THE DOLPHIN PROJECT was organized in 1989 after a mass die-off of dolphins on the Eastern seaboard of the United States. To learn more details of our history, please go to our HISTORY page.
The Dolphin Project, Post Office Box 60753, Savannah Georgia 31420 912-657-3927 firstname.lastname@example.org
The Dolphin Project is a 501c3 non-profit organization. The Dolphin Project does not advocate, support or practice unlawful discrimination based on race, religion, age, gender, sexual preference or physical handicap. ©2010_The Dolphin Project, Inc. All rights reserved. This includes but is not limited to artwork, photographs, and data. This material cannot be reproduced, published or used in any manner without the expressed written consent of The Dolphin Project.
The Dolphin Project_2015 NMFS LOC#1908
TDP members seek to contribute to the understanding of marine mammals by expanding the public's knowledge and concern for our marine environment through its Education Outreach Program that brings interesting and fun facts about dolphins into classrooms and to various organizations. Click on the EDUCATION tab above for more information. Our volunteers are eager to teach all ages about these amazing dolphins and the environment we share with them.
TDP members have opportunities to participate in research and education projects. It's all fasinating and fun and a great way to make new friends. Click on the tabs above to learn more about us.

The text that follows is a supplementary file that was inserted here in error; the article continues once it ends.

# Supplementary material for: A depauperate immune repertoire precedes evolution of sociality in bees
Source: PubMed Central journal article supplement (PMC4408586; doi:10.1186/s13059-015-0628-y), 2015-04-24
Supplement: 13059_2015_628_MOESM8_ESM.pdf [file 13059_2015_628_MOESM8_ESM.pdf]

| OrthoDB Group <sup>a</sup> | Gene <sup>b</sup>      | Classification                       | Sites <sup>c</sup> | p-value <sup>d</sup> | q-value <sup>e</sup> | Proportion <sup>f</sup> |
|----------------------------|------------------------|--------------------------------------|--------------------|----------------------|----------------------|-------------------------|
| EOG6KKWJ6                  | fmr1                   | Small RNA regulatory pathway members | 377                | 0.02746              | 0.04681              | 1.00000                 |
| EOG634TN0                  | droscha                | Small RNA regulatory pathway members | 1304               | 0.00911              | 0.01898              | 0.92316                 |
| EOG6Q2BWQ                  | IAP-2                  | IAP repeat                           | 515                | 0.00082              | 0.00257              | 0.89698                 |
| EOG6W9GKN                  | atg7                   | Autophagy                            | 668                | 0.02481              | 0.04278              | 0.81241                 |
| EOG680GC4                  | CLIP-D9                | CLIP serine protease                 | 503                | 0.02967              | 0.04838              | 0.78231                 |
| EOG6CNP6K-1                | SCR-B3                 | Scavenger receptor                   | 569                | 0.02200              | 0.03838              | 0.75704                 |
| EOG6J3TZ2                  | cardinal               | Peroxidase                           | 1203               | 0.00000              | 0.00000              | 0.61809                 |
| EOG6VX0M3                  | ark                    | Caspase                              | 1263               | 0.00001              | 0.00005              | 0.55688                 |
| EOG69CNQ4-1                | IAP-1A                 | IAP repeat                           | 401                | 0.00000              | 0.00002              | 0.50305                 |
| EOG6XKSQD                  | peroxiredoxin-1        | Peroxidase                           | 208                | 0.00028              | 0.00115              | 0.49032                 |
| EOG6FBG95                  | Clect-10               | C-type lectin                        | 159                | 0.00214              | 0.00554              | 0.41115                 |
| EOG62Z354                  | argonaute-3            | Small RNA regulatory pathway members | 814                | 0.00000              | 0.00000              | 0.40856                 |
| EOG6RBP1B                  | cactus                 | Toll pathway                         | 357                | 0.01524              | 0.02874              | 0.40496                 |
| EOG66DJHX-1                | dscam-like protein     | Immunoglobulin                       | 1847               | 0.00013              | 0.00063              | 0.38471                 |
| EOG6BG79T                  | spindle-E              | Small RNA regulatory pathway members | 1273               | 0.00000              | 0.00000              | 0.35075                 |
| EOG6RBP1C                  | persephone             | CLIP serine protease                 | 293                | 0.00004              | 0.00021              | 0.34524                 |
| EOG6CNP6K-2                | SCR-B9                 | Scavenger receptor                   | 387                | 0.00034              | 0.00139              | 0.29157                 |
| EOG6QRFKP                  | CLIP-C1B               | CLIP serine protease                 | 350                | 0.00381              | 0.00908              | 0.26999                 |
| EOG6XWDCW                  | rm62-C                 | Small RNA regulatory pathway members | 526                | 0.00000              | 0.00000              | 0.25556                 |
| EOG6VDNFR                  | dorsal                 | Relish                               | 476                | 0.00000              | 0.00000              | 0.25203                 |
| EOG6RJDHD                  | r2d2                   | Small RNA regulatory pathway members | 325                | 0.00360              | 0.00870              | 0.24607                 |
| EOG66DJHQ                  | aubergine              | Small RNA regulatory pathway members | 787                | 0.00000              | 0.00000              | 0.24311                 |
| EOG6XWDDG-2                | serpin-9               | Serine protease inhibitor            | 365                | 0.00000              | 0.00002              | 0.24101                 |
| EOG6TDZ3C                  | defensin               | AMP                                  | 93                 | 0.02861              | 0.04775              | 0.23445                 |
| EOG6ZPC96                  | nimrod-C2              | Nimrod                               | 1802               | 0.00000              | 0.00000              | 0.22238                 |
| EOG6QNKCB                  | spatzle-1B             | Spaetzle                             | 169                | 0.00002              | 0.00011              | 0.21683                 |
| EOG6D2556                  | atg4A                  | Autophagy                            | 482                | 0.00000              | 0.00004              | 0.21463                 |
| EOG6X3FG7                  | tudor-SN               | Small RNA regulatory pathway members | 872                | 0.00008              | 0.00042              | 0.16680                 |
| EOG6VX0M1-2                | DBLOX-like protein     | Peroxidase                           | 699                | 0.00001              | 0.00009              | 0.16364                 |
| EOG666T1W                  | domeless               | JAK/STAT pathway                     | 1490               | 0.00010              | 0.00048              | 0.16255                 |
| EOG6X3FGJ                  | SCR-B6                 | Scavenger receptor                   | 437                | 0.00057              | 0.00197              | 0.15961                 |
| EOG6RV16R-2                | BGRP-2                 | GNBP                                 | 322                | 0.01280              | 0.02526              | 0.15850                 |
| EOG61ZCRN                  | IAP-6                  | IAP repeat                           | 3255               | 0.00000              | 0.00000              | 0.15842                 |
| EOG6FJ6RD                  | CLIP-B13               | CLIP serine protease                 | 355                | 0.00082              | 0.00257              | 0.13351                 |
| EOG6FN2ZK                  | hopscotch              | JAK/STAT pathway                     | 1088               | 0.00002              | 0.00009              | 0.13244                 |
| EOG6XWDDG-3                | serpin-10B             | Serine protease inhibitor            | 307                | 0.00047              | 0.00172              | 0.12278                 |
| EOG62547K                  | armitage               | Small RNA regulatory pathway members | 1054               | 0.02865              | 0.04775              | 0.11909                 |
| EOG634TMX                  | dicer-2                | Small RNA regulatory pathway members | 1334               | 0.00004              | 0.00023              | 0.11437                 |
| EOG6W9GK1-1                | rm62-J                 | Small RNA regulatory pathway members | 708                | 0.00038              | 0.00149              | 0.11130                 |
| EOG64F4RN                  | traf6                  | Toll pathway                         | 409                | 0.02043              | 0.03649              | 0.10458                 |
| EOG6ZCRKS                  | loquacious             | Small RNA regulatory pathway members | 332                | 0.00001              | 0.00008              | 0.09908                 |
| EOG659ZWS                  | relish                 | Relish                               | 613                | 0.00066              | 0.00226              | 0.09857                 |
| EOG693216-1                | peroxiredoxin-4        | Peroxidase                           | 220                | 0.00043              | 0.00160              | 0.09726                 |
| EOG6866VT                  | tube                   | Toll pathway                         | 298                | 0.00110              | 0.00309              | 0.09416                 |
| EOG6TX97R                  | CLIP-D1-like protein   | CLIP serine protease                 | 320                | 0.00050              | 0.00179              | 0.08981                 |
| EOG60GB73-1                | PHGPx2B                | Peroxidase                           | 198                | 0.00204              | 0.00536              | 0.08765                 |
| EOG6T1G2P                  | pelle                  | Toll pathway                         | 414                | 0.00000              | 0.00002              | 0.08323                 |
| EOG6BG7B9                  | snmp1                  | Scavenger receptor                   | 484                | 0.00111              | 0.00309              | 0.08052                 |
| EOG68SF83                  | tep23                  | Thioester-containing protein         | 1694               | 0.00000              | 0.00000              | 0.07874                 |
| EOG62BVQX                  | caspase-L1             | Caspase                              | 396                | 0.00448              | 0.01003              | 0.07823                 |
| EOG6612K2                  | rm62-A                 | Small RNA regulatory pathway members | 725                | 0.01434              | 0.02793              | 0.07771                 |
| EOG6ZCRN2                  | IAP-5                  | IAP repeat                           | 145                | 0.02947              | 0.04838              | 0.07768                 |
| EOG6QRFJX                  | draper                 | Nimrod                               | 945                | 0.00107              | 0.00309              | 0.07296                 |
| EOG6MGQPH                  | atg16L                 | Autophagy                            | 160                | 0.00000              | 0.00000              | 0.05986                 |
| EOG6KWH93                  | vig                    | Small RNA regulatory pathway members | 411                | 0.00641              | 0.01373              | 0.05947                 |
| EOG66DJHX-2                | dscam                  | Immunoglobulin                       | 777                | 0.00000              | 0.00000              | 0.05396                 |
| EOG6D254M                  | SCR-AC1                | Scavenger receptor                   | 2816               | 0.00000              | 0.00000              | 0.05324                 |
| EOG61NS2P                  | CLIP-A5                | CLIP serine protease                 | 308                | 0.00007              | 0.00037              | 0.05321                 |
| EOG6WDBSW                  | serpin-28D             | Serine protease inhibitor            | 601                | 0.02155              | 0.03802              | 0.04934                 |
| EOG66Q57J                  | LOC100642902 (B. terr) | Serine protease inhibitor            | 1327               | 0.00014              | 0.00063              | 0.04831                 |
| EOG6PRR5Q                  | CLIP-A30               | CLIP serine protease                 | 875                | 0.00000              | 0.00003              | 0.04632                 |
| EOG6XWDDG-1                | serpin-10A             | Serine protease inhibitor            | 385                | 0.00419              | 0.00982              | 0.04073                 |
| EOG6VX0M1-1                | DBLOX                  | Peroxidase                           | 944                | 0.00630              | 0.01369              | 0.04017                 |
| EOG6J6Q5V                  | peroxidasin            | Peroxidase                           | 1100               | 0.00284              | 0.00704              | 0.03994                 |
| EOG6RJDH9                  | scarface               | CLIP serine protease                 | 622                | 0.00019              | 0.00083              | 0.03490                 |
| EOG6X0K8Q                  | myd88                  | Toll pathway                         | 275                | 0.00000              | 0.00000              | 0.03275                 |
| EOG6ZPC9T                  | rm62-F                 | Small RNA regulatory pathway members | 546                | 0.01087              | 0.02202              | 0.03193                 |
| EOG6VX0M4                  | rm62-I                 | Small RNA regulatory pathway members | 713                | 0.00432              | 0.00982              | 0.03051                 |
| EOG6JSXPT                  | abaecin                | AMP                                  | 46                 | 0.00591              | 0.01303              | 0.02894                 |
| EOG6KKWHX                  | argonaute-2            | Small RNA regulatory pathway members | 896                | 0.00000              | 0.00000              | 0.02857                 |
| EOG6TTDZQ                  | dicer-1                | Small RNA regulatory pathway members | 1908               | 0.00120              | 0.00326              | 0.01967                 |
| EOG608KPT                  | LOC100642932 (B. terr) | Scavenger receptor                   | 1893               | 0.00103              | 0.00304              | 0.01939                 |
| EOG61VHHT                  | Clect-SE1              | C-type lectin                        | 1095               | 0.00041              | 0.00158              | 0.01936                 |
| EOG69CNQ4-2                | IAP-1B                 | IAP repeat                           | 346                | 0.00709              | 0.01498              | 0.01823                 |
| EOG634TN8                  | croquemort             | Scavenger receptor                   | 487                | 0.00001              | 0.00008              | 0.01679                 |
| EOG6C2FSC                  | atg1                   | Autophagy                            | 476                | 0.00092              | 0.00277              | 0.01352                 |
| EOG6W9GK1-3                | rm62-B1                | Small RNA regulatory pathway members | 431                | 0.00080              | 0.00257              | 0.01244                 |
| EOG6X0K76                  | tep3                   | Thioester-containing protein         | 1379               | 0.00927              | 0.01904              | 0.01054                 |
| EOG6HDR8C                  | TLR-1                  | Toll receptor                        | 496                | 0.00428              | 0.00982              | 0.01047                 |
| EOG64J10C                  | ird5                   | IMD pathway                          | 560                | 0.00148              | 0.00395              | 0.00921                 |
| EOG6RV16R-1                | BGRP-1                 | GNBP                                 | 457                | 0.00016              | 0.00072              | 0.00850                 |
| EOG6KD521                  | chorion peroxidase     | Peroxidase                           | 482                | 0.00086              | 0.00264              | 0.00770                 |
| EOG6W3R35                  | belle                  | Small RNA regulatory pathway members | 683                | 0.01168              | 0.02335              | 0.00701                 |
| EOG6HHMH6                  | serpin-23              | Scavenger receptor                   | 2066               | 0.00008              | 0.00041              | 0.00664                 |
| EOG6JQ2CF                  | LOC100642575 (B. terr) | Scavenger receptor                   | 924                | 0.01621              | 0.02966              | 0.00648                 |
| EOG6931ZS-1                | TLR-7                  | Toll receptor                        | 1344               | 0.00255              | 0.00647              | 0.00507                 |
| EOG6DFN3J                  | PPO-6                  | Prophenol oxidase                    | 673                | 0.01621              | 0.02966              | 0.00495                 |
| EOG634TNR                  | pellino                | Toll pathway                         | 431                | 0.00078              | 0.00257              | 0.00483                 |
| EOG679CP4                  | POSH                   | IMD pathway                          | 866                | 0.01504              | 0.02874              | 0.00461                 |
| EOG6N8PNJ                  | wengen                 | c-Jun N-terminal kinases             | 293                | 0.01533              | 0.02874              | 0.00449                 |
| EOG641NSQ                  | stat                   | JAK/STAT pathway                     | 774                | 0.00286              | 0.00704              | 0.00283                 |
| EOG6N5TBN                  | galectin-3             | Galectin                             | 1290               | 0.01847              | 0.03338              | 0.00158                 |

For over 28 years, THE DOLPHIN PROJECT ('TDP') has added to the knowledge base of Bottlenose dolphins through the sharing of collected field data. Regular collaboration takes place both formally and informally with many research scientists, universities, other interested organizations and government agencies. THE DOLPHIN PROJECT is a 501(c)3 non-profit, all volunteer organization.
Scientists and volunteers come together to count the dolphins and photograph their dorsal fins (comparable to a human fingerprint for identification). These actions help monitor the health of the dolphins which are the sentinel species of their estuarine environment. Since we share this environment, the well-being of these dolphins impacts our well-being too. The page on MARINE SCIENCE has information about our partnerships in the marine science community.